How about mentioning that one can hardly think of a better way precisely to forget the “awesome sacrifice” of those who did so sacrifice themselves “on the battlefields of Europe” during World War I than by going through the motions of “memorializing” them on the anniversary of the start (or at least what serves to mark the start) of their still ongoing immolation?  Dare one even so much as hint that those whose sacrifice of themselves was so “awesome” (though some might question the use of such dated Valley-girl speech in such a context) made such sacrifice of themselves entirely in vain, for no good reason at all—at least if we are to heed such witnesses as Wilfred Owen, who both suffered and died as a British soldier on the battlefields of Europe during World War I, or his friend Siegfried Sassoon, who managed to suffer but not die on those same battlefields during that same war?

Or would all that just be in poor taste?

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Earlier in this morning’s Times, in a front-page article that ends on a later page, not far from the op-ed section from which “The Guns of August” comes, is the second piece that caught my eye and kindled my ire.  This one is presented as a news-piece, rather than an editorial, though the difference is often hard to tell, without the helpful clues provided by the paper’s section-labels.  It occurs under the byline of Sabrina Tavernise, a journalist no better known to me than Mr. Schmemann the editorialist, and addresses how a group of “public health experts,” as Ms. Tavernise identifies them, have taken exception to “a little-known cost-benefit calculation” that is “[b]uried deep in the federal governments new tobacco regulations.”  The deeply buried, little-known calculation is one “that public health experts see as potentially poisonous:  the happiness quotient,” which “assumes that the benefits from reducing smoking—fewer early deaths and diseases of lungs and heart—have to be discounted by 70 percent to offset the loss in pleasure that smokers suffer when they give up their habit.”  For the public health experts at issue, who have collectively published a paper warning against such poisonous calculations, that idea itself does not have a very high happiness quotient of its own, apparently.  Various quotations and paraphrases from those experts follow.  Included is one attributed to “Kenneth E. Warner, one of the paper’s authors and a professor of public health [so:  a publicly certified public health expert] at the University of Michigan.”  Addressing the fact that most smokers begin smoking before they are 16 (or so we are told in the piece, at any rate—and who am I to contest it?), Professor Warner is quoted as saying:  “It would be ridiculous to admit that a 16-year-old kid who has no idea what addiction means and feels immortal is a rational decision-maker when it comes to smoking.”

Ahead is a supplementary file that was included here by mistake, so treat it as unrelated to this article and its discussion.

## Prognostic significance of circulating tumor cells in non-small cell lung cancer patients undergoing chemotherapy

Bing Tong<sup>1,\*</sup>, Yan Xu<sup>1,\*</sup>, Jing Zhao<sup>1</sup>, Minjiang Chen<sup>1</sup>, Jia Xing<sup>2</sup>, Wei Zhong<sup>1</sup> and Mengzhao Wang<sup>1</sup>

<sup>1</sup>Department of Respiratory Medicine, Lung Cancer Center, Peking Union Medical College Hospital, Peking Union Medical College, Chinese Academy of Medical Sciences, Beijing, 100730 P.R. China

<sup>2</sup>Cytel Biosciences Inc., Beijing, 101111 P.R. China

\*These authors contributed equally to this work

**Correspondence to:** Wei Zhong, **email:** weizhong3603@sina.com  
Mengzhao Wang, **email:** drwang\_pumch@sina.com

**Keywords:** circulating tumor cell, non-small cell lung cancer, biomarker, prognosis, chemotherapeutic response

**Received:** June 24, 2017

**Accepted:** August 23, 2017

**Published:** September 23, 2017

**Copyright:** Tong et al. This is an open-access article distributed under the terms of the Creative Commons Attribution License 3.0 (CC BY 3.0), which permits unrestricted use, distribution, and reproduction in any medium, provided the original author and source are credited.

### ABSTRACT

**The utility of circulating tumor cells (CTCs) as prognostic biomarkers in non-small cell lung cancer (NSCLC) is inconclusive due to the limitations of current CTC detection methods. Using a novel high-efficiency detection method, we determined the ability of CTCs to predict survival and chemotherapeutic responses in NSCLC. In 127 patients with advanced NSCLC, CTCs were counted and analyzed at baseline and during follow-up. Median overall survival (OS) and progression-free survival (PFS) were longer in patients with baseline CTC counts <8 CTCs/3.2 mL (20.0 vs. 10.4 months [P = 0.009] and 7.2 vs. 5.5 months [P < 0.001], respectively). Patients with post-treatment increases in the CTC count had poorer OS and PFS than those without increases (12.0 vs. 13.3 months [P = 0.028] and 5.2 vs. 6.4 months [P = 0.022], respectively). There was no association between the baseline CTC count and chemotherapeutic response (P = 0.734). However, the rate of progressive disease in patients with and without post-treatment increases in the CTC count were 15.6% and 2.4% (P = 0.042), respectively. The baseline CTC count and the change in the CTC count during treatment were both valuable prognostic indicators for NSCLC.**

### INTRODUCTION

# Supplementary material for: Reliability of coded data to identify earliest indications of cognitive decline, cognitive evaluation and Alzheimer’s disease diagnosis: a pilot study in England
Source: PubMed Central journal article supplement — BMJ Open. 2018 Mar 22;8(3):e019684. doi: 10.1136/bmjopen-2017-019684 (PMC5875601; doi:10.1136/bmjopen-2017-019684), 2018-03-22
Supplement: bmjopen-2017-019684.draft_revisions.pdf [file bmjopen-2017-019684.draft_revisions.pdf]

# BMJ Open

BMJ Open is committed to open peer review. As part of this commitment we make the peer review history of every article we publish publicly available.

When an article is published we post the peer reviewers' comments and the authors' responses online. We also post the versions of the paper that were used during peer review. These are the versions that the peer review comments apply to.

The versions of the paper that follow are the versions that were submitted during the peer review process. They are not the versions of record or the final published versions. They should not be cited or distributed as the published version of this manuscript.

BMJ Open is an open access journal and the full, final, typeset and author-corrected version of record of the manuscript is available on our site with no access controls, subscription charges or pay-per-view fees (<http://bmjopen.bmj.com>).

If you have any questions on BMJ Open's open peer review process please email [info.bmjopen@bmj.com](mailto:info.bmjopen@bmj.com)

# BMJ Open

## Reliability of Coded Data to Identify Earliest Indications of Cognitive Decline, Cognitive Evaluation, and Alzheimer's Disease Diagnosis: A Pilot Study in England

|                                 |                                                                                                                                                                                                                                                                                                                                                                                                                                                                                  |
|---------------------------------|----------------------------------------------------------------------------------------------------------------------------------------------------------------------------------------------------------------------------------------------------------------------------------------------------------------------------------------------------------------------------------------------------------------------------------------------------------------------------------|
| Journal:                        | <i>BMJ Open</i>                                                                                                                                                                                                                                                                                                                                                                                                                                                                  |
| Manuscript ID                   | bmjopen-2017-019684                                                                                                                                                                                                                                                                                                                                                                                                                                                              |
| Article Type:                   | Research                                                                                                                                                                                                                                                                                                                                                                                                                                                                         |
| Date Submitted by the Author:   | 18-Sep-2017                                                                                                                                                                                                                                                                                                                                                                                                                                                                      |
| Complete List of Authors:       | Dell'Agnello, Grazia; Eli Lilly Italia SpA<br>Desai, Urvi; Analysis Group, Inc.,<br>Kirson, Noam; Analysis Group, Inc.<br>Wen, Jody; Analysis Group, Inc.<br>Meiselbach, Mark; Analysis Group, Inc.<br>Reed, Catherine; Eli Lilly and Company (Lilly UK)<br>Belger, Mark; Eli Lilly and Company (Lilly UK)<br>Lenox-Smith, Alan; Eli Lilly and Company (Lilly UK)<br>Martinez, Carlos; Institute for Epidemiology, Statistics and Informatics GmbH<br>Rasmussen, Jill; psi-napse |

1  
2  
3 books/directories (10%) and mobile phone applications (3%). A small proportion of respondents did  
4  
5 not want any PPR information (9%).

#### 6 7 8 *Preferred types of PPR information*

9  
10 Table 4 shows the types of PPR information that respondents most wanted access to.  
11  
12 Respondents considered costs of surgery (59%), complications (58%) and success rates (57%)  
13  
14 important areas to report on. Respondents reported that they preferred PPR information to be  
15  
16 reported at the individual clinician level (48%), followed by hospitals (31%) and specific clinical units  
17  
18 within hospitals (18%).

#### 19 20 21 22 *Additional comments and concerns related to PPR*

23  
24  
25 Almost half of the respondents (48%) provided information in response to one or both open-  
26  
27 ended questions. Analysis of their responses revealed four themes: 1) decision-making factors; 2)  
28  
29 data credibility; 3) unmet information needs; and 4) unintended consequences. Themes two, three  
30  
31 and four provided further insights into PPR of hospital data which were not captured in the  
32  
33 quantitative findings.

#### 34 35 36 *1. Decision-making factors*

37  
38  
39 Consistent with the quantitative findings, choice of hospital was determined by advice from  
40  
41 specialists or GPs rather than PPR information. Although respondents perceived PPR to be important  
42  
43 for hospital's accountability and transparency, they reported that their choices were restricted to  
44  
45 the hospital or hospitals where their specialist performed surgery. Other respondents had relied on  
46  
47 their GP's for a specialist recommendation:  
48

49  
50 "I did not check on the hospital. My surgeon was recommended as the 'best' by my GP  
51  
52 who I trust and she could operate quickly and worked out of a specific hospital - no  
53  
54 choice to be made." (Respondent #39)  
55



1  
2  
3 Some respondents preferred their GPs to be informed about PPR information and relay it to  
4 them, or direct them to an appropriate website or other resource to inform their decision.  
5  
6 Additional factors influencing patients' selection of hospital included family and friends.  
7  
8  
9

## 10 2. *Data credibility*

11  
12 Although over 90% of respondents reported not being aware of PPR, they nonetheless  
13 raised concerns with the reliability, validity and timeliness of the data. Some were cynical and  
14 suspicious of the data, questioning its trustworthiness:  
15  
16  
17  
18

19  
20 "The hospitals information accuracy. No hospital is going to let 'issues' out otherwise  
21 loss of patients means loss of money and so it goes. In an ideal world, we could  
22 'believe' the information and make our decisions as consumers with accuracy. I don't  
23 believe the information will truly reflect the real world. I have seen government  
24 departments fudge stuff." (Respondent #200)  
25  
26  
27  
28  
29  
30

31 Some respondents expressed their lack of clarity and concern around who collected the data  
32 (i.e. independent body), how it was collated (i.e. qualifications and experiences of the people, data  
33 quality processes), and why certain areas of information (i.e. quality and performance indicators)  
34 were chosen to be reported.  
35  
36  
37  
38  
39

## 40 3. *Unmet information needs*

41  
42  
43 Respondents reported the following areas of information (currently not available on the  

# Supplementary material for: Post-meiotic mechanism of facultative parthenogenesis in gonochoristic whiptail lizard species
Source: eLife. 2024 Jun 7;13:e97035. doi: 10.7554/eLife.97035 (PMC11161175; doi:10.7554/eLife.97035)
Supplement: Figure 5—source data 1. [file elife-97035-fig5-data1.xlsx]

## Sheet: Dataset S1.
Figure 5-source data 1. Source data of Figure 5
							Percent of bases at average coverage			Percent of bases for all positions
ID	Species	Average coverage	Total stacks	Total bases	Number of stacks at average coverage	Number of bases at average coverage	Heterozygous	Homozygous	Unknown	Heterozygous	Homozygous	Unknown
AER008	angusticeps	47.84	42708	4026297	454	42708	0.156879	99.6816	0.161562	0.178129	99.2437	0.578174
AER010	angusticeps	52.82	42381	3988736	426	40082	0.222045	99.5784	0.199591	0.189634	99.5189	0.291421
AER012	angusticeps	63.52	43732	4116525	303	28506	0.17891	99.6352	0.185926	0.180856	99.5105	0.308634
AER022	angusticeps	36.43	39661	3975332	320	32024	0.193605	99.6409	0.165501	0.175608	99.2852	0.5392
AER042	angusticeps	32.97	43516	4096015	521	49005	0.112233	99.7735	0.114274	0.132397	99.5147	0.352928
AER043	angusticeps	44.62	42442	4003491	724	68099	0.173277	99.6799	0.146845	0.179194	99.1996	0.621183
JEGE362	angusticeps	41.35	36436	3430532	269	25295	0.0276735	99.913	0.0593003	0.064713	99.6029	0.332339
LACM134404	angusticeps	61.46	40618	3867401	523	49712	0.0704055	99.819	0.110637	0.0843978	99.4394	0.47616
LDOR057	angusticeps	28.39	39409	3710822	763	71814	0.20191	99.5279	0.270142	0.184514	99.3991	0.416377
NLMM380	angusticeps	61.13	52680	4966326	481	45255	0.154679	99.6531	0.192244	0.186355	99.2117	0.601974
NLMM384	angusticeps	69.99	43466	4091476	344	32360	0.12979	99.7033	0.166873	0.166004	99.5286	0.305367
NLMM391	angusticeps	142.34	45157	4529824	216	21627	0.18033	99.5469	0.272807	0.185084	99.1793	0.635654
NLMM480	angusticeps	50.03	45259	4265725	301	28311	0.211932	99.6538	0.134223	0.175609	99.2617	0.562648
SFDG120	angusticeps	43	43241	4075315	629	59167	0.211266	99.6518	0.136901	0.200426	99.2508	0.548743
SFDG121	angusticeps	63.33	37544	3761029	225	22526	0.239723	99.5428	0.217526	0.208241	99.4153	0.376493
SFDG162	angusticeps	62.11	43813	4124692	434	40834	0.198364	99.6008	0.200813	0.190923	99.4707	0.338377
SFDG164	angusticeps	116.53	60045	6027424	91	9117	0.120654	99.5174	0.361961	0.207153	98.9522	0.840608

Well, I certainly neither can nor want to claim any special expertise pertaining to 16-year-olds as such.  However, I was one once myself.  I turned 17 in the middle of what was for me my one and only banner year during the days of my enforced K-12 schooling.  It was my senior year in high school.  (The school system that walled me in for all of my K-12 years skipped me over the 5th grade for some reason, so that I graduated from high school at 17, the youngest in my class).  The spring before, at the end of my junior year when I was only a few months into my 16th year, I had been elected student-body president of my high school—to my own utter surprise.  (I was never a member of any of the regularly “popular” segments of the student population.  However, I’m proud to say that I was a bit of a rabble-rouser when it came to saying yes and amen to such self-claimed “authorities” as my high school administration.  Such “speaking truth to power,” to use an anachronistic phrase, was what got me elected.)  In the fall of my senior year, thanks to my new-found popularity (or at least my election) I began to run with a better class of friends, thanks to which I gratefully began regular heavy alcohol use and, a bit later, at least as regular and as heavy cigarette-smoking.  Shortly after beginning to smoke, I’d worked myself up—actually, it took no real work on my part—to a three-pack-a-day habit, which I enthusiastically maintained for the next 24 years.